One of the world’s largest ice sheets is becoming unstable due to fractures from underwater “melt lakes” drone footage reveals.
Five billion litres of water was drained to the bed of the kilometre-thick Greenland Ice Sheet in under five hours – enough to lift it up by over half a metre.
The ice sheet is single largest contributor to global sea level rise.
Researchers from the University of Cambridge found it could be becoming unstable due to fractures developing in response to faster ice flow and more meltwater forming on its surface.
Using custom-built drones strong enough to withstand the extreme Arctic conditions, they made the first drone-based observations of how fractures form under meltwater lakes on the Greenland Ice Sheet.
These fractures cause catastrophic lake drainages, in which huge quantities of surface water are transferred to the sensitive environment beneath the ice, findings show.
University of Cambridge
Lead researcher Dr Poul Christoffersen, from the University of Cambridge, said: “These glaciers are already moving quite fast, so the effect of the lakes may not appear to be as dramatic as it is on slower-moving glaciers elsewhere, but the overall effect is in fact very significant.
“To date, most observations are provided by satellites. These allow us to see what’s happening over the whole ice sheet, but drone-based observations give a lot more nuance to our understanding of these lake drainages.
“We can also observe the formation and re-opening of fractures, which isn’t possible from satellites.”
Researchers conducted the study from a camp on Store Glacier in northwest Greenland.
Findings revealed how the water is transferred and how the ice sheet responds.
The team found inflowing meltwater expanded the lake and drainage began when the edge of the lake intersected a fracture, which formed one year earlier.
Each summer, thousands of lakes form on the Greenland Ice Sheet as the weather warms.
Many of these lakes can drain in just a few hours, creating caverns known as moulins, through which water descends to the bottom of the ice sheet.
These cavities typically stay open for the remainder of the melt season, as meltwater from streams and rivers on the surface descends beneath the ice.
The flow of water into the moulins may well be the world’s largest waterfalls, given that the ice sheet is typically a kilometre thick or more.
Researchers witnessed how this fracture became active and how it propagated 500 metres further into the lake, causing the lake to drain rapidly.
In multiple drone flights, they were able to document the flow of water into the fracture and the water’s subsequent pathway under the ice.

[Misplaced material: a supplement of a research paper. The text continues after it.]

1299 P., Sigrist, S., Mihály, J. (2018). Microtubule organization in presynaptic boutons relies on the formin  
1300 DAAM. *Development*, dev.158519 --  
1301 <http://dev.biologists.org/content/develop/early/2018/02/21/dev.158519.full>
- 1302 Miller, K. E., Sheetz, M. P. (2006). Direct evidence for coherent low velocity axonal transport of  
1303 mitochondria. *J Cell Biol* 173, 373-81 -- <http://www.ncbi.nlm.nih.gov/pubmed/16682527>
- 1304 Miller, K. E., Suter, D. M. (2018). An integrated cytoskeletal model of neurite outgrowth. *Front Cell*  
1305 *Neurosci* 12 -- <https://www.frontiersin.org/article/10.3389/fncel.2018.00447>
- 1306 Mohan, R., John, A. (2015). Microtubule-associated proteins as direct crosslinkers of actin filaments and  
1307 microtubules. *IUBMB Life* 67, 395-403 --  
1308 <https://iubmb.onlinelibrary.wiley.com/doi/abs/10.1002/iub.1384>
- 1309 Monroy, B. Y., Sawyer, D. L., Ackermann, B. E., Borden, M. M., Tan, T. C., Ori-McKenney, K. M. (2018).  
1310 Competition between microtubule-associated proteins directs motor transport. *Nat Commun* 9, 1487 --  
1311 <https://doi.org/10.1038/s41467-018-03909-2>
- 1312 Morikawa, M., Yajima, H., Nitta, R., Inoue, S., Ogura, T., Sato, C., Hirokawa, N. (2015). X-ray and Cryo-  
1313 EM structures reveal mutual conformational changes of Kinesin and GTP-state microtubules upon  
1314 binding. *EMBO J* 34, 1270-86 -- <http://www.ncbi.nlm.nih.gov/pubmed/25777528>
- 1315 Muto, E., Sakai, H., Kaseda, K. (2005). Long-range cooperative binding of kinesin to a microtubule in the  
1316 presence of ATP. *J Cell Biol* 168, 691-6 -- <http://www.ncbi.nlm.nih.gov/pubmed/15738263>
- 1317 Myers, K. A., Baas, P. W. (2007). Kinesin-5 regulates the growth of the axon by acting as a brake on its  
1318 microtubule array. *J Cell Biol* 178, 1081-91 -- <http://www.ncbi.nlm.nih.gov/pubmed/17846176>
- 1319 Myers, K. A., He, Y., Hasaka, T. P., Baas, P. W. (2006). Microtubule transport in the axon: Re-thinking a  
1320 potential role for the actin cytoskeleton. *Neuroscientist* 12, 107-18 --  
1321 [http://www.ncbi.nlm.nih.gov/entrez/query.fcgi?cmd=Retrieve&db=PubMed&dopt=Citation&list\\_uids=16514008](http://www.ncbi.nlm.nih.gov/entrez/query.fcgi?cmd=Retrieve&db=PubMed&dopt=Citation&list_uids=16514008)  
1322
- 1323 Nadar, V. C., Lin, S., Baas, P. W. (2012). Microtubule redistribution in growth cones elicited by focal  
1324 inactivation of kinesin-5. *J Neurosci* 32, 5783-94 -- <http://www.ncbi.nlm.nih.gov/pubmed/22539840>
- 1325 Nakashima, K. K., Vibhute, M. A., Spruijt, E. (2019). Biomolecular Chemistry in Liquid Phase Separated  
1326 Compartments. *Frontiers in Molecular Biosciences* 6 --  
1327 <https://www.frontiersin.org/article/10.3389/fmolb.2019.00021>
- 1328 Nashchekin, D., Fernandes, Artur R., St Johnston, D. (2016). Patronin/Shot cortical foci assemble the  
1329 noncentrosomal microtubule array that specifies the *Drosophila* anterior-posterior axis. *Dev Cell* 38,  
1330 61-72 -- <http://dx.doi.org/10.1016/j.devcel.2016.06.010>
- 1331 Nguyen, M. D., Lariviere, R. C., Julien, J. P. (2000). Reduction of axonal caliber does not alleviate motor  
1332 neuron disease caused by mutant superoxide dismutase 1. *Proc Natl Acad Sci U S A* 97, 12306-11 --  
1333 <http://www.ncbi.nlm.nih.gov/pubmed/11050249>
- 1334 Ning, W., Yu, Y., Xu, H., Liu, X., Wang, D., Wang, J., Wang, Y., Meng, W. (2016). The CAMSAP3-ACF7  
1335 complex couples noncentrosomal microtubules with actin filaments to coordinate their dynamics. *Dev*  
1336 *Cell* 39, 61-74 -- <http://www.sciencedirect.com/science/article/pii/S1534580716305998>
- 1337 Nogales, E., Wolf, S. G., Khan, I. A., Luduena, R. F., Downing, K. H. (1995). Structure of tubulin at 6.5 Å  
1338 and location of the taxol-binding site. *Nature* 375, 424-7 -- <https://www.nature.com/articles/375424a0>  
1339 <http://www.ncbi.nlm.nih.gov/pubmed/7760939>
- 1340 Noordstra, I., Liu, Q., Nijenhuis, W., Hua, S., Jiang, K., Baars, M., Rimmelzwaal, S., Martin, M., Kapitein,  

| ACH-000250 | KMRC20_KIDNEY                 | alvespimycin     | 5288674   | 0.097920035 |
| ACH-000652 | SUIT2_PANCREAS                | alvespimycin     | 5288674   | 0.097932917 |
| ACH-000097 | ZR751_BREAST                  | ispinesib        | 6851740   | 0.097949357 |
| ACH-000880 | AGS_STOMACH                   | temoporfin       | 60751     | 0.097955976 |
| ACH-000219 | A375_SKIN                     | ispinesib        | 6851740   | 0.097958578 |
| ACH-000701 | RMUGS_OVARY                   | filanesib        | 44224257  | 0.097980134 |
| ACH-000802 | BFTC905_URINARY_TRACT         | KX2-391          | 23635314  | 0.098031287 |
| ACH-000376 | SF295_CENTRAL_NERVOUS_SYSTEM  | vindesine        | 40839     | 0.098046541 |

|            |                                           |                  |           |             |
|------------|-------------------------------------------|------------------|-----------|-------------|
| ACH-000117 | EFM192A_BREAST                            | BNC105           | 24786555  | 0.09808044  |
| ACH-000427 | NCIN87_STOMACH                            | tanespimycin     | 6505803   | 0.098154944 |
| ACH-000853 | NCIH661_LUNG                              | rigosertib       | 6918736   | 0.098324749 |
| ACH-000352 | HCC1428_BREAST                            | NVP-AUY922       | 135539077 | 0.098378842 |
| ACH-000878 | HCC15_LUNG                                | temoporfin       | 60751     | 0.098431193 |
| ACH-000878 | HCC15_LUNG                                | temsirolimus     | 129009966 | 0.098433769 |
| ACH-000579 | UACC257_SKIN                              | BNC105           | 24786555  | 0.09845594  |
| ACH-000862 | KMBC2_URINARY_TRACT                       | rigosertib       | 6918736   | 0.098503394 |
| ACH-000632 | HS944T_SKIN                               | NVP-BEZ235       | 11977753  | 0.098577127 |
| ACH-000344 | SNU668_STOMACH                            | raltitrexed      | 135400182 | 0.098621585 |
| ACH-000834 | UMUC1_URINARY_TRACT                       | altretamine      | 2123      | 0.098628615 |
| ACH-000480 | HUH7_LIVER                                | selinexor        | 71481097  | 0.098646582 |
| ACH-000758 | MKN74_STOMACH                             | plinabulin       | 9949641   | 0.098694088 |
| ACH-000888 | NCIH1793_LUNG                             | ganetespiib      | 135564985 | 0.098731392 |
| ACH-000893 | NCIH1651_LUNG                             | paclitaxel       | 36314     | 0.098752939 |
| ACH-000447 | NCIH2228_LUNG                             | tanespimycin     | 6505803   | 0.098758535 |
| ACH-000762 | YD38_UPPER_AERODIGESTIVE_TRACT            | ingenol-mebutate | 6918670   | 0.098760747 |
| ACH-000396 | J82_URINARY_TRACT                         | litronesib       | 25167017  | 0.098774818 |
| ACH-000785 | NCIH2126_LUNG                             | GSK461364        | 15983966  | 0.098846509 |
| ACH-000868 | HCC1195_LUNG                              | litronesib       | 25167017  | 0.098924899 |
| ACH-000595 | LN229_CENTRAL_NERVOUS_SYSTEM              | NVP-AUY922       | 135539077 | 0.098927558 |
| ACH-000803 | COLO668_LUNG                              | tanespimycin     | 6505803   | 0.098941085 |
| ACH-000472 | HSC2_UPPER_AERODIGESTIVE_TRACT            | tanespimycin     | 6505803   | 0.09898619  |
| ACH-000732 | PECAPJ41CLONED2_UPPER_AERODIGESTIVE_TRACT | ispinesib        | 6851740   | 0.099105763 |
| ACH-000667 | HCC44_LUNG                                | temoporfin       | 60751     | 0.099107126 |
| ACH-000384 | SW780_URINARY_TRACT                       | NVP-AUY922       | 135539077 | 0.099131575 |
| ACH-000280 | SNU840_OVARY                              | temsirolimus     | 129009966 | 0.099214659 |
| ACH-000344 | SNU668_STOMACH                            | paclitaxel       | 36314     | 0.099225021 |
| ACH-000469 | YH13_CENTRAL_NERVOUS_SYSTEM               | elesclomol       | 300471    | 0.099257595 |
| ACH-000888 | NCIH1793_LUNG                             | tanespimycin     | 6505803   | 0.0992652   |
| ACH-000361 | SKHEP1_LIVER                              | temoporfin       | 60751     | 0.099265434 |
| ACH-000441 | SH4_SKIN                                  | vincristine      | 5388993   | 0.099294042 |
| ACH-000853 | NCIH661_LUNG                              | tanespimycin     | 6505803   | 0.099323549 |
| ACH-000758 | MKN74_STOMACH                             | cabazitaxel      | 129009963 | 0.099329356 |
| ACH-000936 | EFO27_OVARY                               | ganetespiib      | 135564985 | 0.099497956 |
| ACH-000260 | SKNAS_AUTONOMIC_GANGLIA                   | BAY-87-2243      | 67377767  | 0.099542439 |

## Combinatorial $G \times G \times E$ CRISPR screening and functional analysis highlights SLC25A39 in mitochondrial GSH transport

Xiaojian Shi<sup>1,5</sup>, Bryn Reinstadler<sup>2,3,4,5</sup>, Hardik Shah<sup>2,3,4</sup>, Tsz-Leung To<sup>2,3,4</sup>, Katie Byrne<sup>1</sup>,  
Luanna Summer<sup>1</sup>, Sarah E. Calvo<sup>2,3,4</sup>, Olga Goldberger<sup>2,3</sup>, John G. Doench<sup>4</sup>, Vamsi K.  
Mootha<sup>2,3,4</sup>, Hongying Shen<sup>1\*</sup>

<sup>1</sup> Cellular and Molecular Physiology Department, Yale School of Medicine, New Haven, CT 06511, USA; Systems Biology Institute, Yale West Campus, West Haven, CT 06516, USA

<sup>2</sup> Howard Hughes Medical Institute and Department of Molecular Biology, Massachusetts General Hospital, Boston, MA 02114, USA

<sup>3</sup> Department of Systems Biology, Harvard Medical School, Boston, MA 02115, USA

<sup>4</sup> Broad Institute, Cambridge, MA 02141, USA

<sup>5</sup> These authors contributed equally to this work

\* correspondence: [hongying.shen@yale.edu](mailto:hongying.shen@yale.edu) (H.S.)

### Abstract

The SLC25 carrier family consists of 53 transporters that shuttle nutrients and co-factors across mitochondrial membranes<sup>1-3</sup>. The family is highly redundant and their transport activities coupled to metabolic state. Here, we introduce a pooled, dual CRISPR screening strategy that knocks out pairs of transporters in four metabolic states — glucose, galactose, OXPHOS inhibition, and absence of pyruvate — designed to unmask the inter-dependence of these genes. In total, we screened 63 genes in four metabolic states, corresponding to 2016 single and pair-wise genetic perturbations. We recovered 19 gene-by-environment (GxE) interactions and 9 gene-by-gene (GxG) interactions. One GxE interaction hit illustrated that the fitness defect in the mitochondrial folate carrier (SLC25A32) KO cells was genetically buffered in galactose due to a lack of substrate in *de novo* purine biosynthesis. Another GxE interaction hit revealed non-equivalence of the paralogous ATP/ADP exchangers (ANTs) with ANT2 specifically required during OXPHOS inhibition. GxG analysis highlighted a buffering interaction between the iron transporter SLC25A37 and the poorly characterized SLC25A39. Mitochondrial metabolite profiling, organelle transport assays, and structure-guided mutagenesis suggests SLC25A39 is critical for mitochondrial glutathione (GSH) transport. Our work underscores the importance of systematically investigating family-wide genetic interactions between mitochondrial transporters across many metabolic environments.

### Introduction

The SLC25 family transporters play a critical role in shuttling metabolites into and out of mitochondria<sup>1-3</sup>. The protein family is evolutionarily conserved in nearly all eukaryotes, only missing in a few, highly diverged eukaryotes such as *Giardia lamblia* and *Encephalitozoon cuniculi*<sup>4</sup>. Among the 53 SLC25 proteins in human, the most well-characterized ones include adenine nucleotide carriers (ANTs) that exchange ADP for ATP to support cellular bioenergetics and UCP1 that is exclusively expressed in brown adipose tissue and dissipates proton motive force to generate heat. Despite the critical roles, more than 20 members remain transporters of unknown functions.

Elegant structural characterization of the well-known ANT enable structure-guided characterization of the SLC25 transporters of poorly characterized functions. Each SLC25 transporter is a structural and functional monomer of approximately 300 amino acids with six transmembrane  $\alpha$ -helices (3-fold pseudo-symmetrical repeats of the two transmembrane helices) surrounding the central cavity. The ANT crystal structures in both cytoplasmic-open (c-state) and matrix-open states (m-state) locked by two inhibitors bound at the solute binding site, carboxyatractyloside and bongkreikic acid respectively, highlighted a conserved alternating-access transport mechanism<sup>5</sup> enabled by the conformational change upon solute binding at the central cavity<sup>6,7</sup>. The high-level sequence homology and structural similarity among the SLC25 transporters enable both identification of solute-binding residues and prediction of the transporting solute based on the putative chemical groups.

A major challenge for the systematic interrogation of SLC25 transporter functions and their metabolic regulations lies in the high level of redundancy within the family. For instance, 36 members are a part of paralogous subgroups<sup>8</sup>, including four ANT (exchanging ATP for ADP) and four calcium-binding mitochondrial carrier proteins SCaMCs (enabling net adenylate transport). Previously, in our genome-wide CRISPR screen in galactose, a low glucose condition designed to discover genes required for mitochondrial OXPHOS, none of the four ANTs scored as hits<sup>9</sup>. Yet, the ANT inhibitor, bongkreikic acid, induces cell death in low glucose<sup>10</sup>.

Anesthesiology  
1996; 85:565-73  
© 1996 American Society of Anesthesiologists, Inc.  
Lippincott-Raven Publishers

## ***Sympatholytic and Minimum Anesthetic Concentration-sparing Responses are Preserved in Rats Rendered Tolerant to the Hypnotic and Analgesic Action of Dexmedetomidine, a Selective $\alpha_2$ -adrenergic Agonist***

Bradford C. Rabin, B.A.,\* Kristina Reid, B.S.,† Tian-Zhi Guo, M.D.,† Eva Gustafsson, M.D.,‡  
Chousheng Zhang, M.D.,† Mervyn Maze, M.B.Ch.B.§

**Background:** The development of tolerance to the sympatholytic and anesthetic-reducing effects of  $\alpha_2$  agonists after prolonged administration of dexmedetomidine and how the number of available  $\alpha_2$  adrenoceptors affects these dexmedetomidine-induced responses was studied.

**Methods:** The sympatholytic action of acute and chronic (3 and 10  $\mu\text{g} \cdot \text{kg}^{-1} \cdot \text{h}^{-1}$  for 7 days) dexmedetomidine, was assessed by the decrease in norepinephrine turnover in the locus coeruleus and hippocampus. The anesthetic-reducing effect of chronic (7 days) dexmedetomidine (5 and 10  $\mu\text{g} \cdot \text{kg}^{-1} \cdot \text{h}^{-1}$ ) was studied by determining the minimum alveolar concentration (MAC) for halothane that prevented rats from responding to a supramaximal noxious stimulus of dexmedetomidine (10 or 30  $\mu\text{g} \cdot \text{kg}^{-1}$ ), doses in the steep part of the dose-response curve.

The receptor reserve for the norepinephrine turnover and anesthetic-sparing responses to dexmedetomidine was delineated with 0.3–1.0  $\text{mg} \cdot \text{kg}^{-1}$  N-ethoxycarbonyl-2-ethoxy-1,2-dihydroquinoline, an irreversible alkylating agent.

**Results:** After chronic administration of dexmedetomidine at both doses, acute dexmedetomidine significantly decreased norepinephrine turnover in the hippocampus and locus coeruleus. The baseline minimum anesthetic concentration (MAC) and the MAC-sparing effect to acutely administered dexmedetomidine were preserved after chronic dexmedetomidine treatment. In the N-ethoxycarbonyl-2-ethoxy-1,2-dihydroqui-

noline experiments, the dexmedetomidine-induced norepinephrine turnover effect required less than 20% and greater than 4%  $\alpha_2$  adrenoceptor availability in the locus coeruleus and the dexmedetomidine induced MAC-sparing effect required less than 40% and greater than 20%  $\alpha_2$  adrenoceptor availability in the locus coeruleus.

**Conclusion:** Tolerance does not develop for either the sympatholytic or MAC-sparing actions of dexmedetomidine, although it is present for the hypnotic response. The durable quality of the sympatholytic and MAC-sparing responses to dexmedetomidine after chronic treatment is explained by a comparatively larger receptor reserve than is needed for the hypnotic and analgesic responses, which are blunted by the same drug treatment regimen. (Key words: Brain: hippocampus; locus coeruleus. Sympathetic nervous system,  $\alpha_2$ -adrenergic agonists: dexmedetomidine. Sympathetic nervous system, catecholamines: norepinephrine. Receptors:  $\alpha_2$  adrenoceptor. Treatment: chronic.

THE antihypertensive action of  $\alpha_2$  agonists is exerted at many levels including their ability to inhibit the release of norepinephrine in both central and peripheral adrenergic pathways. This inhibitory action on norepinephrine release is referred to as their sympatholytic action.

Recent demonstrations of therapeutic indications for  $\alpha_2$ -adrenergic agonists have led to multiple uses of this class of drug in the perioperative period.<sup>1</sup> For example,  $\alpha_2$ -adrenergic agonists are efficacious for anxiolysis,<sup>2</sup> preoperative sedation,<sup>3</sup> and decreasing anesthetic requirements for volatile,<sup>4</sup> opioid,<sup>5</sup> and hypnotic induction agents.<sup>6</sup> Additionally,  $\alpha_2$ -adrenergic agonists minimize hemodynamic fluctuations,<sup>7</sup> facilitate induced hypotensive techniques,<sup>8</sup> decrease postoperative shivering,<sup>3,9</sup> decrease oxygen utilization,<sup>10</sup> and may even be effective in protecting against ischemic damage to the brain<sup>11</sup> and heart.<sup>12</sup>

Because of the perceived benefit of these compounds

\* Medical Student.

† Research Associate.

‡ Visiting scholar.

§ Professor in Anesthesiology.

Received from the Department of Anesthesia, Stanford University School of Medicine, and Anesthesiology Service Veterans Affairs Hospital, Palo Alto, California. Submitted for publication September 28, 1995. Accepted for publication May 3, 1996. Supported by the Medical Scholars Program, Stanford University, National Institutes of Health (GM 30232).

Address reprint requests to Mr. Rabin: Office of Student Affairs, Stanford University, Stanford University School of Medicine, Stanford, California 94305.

In a detailed reconstruction of the event, which is rarely observed directly, the team showed how the meltwater causes the formation of new fractures, as well as the expansion of dormant fractures.
In just five hours, five million cubic metres of water, the equivalent of 2,000 Olympic-sized swimming pools, drained to the bottom of the ice sheet via the fracture, causing a new cavity to form and reducing the lake to a third of its original volume.
This caused the ice flow to accelerate from a speed of two metres per day to more than five metres per day as surface water was transferred to the bed, which in turn lifted the ice sheet by half a metre.
The drone footage supports computer models used by the same team of researchers to show that drainage of melt lakes in Greenland can occur in a chain reaction.
Researchers said the findings provide an insight as to how these chain reactions might be triggered, via lakes that can drain through existing fractures.
Scott Polar Research
Co-first author Tom Chudley, a PhD student at the Scott Polar Research and the team’s drone pilot, said: “It’s possible we’ve under-estimated the effects of these glaciers on the overall instability of the Greenland Ice Sheet.
“It’s a rare thing to actually observe these fast-draining lakes – we were lucky to be in the right place at the right time.”
The drones, built at the Scott Polar Research Institute, were fitted with autopilot and navigated autonomously along pre-programmed flight paths in missions that lasted up to an hour each.
By also fitting on-board GPS, the team was able to accurately geo-locate and stitch together hundreds of photos taken during each survey.
The photos were used to create detailed 3D reconstructions of the ice sheet surface.
Findings reveal that fast-flowing glaciers in Greenland are subject to significant forcing by surface meltwater.
They also show that changes in ice flow occur on much shorter timescales than considered possible so far.
Dr Christoffersen leads the EU-funded RESPONDER project, of which this study was a part.
The RESPONDER team are using the drone footage to identify ‘hotspots’ where the ice sheet behaves sensitively.
Using drilling equipment, the team is now exploring how the water is accommodated in the basal drainage system and how the ice sheet may change over the coming decades as the climate continues to warm.
Dr Christoffersen said: “The difference between snow accumulation and loss of ice in Greenland ice sheet currently amounts to one billion tonnes of ice being lost every day.
“This net loss of ice is growing, making the Greenland Ice Sheet the single largest contributor to global sea-level rise.”
Researchers from Aberystwyth and Lancaster Universities also participated in the study which was published in the Proceedings of the National Academy of Sciences journal.